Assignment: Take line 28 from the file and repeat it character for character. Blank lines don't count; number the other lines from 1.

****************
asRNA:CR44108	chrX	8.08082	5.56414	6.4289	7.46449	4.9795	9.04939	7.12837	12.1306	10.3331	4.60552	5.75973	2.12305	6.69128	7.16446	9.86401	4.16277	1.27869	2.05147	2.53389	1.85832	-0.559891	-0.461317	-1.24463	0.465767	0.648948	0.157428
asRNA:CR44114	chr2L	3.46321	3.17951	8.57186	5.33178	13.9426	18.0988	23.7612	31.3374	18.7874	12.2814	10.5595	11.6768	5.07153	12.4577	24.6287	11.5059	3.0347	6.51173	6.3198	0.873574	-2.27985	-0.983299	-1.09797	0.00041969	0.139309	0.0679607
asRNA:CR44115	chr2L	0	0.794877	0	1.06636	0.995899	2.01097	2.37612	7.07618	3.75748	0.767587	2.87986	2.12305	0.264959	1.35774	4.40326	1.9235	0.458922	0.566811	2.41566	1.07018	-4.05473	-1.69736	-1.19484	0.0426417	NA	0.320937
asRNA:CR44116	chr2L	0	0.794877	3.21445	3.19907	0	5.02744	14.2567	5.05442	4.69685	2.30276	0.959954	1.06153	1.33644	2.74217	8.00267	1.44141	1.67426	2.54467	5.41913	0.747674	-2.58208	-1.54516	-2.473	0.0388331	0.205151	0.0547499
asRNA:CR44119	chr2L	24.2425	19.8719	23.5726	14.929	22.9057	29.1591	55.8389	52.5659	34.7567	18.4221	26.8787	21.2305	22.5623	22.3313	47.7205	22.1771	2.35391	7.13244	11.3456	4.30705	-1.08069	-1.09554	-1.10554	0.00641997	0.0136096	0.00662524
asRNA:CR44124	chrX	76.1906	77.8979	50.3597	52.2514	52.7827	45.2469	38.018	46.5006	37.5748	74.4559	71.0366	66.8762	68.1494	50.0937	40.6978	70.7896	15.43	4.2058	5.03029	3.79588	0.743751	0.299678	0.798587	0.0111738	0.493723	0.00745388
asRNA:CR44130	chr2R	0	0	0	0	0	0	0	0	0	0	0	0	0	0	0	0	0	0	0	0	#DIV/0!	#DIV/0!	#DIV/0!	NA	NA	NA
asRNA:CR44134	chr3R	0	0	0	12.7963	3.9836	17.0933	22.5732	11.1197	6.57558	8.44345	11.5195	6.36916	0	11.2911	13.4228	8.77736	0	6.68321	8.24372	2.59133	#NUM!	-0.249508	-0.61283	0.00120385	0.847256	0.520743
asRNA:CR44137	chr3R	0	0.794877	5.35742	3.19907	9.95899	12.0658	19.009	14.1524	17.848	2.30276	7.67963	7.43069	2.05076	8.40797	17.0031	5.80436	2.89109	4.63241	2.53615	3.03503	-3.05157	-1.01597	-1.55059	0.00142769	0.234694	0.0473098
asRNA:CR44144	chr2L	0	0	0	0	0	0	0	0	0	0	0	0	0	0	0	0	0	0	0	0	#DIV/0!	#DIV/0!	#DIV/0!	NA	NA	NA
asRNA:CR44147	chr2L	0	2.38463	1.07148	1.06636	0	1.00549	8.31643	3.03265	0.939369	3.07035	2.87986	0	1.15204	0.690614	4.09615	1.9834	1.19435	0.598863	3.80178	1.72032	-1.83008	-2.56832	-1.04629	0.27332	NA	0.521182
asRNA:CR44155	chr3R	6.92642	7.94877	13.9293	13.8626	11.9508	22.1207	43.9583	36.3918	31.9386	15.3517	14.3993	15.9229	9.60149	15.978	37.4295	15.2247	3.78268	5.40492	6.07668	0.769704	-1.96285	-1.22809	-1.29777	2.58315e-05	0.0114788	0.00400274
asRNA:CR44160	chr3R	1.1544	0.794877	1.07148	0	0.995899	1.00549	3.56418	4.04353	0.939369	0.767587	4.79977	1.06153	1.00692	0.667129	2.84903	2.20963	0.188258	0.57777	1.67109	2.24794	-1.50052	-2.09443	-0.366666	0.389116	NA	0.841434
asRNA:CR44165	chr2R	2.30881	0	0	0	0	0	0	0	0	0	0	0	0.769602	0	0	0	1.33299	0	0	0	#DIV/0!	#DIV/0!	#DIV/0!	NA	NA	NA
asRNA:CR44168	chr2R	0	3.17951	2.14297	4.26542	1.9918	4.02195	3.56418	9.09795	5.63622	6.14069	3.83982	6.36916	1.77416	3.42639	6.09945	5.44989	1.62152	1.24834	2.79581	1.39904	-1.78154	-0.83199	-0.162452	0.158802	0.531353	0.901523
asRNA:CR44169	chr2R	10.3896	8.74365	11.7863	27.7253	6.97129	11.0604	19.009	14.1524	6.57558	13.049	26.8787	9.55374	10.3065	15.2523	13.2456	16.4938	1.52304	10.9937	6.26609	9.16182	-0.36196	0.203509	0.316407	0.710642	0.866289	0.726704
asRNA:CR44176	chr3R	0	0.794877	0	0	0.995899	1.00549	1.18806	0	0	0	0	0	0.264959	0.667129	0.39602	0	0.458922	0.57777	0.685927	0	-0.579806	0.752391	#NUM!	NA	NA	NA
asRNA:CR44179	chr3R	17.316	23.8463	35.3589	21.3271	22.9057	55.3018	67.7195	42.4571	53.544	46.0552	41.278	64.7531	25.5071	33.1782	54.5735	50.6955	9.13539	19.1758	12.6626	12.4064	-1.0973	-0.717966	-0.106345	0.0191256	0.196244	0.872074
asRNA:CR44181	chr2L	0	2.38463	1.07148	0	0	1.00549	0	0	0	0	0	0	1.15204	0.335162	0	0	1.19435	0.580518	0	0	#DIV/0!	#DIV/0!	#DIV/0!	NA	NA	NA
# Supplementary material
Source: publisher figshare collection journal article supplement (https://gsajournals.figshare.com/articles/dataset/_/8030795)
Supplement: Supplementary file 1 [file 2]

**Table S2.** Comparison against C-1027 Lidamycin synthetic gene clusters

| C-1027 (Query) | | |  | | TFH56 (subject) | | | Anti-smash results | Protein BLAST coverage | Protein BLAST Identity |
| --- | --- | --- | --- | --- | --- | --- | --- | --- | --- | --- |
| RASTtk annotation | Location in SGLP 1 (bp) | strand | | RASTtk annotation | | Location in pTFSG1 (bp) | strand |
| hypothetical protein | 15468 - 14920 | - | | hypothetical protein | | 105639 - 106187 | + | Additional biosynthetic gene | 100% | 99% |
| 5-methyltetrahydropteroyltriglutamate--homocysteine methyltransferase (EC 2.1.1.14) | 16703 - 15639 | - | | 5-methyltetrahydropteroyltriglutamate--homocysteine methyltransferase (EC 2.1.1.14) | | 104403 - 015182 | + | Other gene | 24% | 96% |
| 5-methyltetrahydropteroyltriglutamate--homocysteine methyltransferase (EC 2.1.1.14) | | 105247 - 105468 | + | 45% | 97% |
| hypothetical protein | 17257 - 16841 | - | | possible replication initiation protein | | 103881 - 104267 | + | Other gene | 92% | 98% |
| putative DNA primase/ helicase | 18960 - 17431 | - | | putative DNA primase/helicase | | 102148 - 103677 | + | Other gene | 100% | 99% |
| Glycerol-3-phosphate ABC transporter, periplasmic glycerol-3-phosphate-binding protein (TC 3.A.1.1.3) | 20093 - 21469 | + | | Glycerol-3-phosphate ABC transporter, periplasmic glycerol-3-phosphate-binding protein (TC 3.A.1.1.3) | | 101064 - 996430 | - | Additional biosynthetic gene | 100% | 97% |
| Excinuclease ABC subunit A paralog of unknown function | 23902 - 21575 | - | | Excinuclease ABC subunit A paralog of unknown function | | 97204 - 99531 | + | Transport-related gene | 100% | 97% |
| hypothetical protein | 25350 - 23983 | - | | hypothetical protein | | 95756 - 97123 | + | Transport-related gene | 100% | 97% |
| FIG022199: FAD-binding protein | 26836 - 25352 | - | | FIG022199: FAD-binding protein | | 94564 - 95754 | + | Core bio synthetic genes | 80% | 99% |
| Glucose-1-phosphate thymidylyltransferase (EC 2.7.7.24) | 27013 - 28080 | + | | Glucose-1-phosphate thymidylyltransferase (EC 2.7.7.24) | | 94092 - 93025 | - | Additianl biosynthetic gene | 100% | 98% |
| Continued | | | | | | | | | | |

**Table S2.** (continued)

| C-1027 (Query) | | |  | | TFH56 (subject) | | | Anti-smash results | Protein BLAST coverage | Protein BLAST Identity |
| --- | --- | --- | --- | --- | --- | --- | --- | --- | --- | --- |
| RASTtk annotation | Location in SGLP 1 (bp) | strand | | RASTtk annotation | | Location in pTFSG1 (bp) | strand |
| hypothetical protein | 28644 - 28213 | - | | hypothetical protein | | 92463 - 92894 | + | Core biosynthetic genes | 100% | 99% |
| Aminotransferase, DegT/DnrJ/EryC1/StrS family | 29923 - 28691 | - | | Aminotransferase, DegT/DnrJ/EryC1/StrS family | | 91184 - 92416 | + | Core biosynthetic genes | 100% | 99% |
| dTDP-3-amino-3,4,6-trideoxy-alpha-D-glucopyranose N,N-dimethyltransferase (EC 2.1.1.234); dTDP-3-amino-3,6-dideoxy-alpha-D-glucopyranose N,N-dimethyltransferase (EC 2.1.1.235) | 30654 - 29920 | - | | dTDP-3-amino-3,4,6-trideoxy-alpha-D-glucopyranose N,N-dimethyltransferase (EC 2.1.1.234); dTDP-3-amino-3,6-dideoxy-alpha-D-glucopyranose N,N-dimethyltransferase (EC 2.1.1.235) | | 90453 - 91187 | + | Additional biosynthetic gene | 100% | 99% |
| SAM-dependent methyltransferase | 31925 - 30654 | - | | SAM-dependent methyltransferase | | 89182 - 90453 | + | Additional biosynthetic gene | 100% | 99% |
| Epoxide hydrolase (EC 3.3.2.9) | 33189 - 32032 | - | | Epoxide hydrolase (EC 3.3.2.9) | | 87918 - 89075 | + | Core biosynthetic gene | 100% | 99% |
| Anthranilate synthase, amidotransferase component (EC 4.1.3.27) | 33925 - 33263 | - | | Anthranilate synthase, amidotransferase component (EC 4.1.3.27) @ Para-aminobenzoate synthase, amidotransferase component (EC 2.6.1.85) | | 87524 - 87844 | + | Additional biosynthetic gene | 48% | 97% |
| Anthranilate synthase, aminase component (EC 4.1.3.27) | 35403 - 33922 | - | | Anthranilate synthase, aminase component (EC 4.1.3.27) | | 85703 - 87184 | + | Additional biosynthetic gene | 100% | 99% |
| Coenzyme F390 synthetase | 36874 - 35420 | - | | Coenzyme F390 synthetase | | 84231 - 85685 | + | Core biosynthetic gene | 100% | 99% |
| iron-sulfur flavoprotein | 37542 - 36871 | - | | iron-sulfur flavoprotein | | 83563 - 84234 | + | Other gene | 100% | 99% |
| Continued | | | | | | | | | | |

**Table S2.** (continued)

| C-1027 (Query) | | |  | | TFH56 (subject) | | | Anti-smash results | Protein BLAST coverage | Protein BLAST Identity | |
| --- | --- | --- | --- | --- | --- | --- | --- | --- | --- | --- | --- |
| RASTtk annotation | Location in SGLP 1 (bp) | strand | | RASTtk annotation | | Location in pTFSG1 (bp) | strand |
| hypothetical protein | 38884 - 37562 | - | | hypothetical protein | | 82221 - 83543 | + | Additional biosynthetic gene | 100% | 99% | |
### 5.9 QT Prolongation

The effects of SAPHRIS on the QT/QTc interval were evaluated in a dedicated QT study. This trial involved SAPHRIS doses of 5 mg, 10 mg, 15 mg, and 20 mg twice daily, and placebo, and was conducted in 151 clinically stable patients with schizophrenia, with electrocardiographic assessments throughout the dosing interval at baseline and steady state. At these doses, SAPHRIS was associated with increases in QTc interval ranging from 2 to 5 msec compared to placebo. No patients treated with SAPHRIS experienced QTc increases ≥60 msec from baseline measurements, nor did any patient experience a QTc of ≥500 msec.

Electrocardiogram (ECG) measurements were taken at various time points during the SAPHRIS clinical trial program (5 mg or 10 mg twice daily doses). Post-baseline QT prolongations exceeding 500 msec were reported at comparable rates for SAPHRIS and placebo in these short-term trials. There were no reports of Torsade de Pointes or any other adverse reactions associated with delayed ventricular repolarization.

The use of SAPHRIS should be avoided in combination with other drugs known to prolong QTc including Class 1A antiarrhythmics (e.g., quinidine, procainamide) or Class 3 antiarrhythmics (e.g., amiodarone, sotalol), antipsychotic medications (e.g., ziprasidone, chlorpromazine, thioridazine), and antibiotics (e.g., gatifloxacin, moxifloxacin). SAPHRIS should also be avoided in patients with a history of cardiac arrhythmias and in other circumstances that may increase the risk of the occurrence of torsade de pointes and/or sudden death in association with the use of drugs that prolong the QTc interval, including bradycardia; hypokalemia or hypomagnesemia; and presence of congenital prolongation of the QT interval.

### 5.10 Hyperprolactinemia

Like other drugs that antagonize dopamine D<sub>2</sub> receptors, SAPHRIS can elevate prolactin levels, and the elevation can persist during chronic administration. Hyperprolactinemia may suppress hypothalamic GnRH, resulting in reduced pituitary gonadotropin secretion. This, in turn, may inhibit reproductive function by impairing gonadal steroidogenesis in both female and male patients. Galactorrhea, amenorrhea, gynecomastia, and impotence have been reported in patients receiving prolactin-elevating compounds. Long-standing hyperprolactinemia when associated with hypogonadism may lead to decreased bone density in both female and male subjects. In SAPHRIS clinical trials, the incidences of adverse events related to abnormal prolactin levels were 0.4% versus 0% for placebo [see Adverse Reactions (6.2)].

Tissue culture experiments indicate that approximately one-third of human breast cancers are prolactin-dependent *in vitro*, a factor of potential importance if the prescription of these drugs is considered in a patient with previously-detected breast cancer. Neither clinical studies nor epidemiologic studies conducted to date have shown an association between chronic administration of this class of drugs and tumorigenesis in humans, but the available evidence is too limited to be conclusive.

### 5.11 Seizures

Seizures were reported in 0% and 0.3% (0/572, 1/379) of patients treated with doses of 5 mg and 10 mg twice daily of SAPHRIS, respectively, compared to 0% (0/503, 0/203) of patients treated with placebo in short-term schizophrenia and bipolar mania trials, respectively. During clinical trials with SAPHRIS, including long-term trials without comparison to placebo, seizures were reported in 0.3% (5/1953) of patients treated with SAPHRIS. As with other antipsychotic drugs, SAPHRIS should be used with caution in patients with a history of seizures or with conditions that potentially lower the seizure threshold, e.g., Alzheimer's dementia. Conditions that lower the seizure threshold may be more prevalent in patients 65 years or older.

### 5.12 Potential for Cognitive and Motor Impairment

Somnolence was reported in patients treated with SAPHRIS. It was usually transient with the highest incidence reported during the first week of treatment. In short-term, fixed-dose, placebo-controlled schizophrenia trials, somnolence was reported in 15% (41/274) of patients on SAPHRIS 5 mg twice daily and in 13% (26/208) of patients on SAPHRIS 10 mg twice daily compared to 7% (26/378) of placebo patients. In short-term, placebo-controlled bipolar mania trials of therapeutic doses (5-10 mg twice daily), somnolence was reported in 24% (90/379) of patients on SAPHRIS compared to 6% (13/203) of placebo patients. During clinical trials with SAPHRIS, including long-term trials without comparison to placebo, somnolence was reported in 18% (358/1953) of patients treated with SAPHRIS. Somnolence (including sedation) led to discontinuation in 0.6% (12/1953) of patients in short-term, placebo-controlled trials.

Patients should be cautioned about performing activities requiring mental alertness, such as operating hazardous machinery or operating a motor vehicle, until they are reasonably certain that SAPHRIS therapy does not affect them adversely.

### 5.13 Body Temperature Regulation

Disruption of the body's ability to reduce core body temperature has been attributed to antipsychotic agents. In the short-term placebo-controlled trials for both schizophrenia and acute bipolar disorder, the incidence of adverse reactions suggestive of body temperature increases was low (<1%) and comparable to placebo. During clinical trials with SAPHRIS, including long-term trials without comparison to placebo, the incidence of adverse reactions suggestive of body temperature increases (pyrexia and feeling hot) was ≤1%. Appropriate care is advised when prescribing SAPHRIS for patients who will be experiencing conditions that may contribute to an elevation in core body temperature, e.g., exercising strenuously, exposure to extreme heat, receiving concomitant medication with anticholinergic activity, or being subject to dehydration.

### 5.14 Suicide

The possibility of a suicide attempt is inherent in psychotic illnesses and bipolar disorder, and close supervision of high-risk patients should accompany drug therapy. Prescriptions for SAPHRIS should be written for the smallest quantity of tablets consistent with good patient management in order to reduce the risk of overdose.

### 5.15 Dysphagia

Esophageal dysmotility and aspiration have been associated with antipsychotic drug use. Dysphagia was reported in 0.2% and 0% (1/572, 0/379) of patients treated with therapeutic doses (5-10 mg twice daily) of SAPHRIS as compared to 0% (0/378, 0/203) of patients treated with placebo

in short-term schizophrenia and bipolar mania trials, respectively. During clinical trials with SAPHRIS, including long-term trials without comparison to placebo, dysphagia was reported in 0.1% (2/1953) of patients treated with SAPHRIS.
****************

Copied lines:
| 5-methyltetrahydropteroyltriglutamate--homocysteine methyltransferase (EC 2.1.1.14) | 16703 - 15639 | - | | 5-methyltetrahydropteroyltriglutamate--homocysteine methyltransferase (EC 2.1.1.14) | | 104403 - 015182 | + | Other gene | 24% | 96% |